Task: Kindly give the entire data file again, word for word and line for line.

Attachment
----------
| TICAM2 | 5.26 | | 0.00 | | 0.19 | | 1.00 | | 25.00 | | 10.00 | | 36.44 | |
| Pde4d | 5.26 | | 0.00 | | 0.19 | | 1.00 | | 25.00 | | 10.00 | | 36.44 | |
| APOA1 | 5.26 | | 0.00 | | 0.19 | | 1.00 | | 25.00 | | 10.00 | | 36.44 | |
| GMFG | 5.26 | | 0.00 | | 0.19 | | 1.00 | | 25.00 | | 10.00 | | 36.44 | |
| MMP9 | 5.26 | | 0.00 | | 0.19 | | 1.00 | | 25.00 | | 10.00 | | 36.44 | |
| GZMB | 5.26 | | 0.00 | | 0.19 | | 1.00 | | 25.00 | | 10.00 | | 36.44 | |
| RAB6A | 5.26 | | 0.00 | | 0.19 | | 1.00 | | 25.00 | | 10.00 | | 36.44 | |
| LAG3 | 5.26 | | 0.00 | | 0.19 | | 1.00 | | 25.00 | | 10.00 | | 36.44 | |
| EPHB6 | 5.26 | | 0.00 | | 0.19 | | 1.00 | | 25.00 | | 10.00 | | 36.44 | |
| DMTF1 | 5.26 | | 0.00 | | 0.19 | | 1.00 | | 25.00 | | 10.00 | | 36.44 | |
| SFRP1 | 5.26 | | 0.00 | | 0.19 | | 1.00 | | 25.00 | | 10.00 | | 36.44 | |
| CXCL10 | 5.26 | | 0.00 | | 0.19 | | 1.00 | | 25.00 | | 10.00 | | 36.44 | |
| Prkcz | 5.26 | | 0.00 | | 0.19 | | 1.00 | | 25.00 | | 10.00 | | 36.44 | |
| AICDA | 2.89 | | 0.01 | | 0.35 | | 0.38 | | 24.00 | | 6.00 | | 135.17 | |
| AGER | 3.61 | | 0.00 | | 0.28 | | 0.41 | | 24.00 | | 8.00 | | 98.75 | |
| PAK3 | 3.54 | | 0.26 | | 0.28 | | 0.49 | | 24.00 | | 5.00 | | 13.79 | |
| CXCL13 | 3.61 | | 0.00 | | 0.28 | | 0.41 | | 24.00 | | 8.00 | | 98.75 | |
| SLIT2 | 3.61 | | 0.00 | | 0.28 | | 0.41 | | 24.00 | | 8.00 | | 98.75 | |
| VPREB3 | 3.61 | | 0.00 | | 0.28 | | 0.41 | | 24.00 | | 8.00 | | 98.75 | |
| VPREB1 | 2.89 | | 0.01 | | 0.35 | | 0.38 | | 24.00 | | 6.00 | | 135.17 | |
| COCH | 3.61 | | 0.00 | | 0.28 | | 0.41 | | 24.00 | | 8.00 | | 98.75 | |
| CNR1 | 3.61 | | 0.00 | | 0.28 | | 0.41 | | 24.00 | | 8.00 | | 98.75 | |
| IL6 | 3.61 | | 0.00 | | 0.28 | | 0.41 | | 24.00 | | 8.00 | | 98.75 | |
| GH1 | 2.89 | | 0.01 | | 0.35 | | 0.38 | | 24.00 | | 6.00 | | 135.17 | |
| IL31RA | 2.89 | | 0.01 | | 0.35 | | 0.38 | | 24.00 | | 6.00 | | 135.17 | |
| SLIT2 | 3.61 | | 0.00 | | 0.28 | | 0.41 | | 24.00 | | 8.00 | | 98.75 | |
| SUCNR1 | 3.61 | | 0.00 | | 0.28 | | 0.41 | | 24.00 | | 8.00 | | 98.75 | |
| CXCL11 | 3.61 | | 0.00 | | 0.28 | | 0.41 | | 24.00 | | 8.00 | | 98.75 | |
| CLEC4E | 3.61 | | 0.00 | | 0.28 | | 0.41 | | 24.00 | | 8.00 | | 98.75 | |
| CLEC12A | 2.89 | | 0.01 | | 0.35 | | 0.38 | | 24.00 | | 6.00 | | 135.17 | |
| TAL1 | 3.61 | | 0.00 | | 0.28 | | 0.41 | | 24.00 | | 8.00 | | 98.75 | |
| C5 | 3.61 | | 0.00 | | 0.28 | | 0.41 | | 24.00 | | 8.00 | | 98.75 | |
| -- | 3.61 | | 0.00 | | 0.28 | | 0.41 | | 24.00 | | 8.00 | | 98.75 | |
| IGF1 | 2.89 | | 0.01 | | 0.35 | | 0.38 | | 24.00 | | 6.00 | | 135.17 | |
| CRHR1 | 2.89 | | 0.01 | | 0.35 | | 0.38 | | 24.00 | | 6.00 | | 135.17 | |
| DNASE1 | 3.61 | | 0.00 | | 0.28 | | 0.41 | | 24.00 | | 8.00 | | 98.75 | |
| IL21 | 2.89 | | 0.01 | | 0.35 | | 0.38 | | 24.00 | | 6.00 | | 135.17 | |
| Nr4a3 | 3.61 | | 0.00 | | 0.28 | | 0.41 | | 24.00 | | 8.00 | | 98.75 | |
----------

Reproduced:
| TICAM2 | 5.26 | | 0.00 | | 0.19 | | 1.00 | | 25.00 | | 10.00 | | 36.44 | |
| Pde4d | 5.26 | | 0.00 | | 0.19 | | 1.00 | | 25.00 | | 10.00 | | 36.44 | |
| APOA1 | 5.26 | | 0.00 | | 0.19 | | 1.00 | | 25.00 | | 10.00 | | 36.44 | |
| GMFG | 5.26 | | 0.00 | | 0.19 | | 1.00 | | 25.00 | | 10.00 | | 36.44 | |
| MMP9 | 5.26 | | 0.00 | | 0.19 | | 1.00 | | 25.00 | | 10.00 | | 36.44 | |
| GZMB | 5.26 | | 0.00 | | 0.19 | | 1.00 | | 25.00 | | 10.00 | | 36.44 | |
| RAB6A | 5.26 | | 0.00 | | 0.19 | | 1.00 | | 25.00 | | 10.00 | | 36.44 | |
| LAG3 | 5.26 | | 0.00 | | 0.19 | | 1.00 | | 25.00 | | 10.00 | | 36.44 | |
| EPHB6 | 5.26 | | 0.00 | | 0.19 | | 1.00 | | 25.00 | | 10.00 | | 36.44 | |
| DMTF1 | 5.26 | | 0.00 | | 0.19 | | 1.00 | | 25.00 | | 10.00 | | 36.44 | |
| SFRP1 | 5.26 | | 0.00 | | 0.19 | | 1.00 | | 25.00 | | 10.00 | | 36.44 | |
| CXCL10 | 5.26 | | 0.00 | | 0.19 | | 1.00 | | 25.00 | | 10.00 | | 36.44 | |
| Prkcz | 5.26 | | 0.00 | | 0.19 | | 1.00 | | 25.00 | | 10.00 | | 36.44 | |
| AICDA | 2.89 | | 0.01 | | 0.35 | | 0.38 | | 24.00 | | 6.00 | | 135.17 | |
| AGER | 3.61 | | 0.00 | | 0.28 | | 0.41 | | 24.00 | | 8.00 | | 98.75 | |
| PAK3 | 3.54 | | 0.26 | | 0.28 | | 0.49 | | 24.00 | | 5.00 | | 13.79 | |
| CXCL13 | 3.61 | | 0.00 | | 0.28 | | 0.41 | | 24.00 | | 8.00 | | 98.75 | |
| SLIT2 | 3.61 | | 0.00 | | 0.28 | | 0.41 | | 24.00 | | 8.00 | | 98.75 | |
| VPREB3 | 3.61 | | 0.00 | | 0.28 | | 0.41 | | 24.00 | | 8.00 | | 98.75 | |
| VPREB1 | 2.89 | | 0.01 | | 0.35 | | 0.38 | | 24.00 | | 6.00 | | 135.17 | |
| COCH | 3.61 | | 0.00 | | 0.28 | | 0.41 | | 24.00 | | 8.00 | | 98.75 | |
| CNR1 | 3.61 | | 0.00 | | 0.28 | | 0.41 | | 24.00 | | 8.00 | | 98.75 | |
| IL6 | 3.61 | | 0.00 | | 0.28 | | 0.41 | | 24.00 | | 8.00 | | 98.75 | |
| GH1 | 2.89 | | 0.01 | | 0.35 | | 0.38 | | 24.00 | | 6.00 | | 135.17 | |
| IL31RA | 2.89 | | 0.01 | | 0.35 | | 0.38 | | 24.00 | | 6.00 | | 135.17 | |
| SLIT2 | 3.61 | | 0.00 | | 0.28 | | 0.41 | | 24.00 | | 8.00 | | 98.75 | |
| SUCNR1 | 3.61 | | 0.00 | | 0.28 | | 0.41 | | 24.00 | | 8.00 | | 98.75 | |
| CXCL11 | 3.61 | | 0.00 | | 0.28 | | 0.41 | | 24.00 | | 8.00 | | 98.75 | |
| CLEC4E | 3.61 | | 0.00 | | 0.28 | | 0.41 | | 24.00 | | 8.00 | | 98.75 | |
| CLEC12A | 2.89 | | 0.01 | | 0.35 | | 0.38 | | 24.00 | | 6.00 | | 135.17 | |
| TAL1 | 3.61 | | 0.00 | | 0.28 | | 0.41 | | 24.00 | | 8.00 | | 98.75 | |
| C5 | 3.61 | | 0.00 | | 0.28 | | 0.41 | | 24.00 | | 8.00 | | 98.75 | |
| -- | 3.61 | | 0.00 | | 0.28 | | 0.41 | | 24.00 | | 8.00 | | 98.75 | |
| IGF1 | 2.89 | | 0.01 | | 0.35 | | 0.38 | | 24.00 | | 6.00 | | 135.17 | |
| CRHR1 | 2.89 | | 0.01 | | 0.35 | | 0.38 | | 24.00 | | 6.00 | | 135.17 | |
| DNASE1 | 3.61 | | 0.00 | | 0.28 | | 0.41 | | 24.00 | | 8.00 | | 98.75 | |
| IL21 | 2.89 | | 0.01 | | 0.35 | | 0.38 | | 24.00 | | 6.00 | | 135.17 | |
| Nr4a3 | 3.61 | | 0.00 | | 0.28 | | 0.41 | | 24.00 | | 8.00 | | 98.75 | |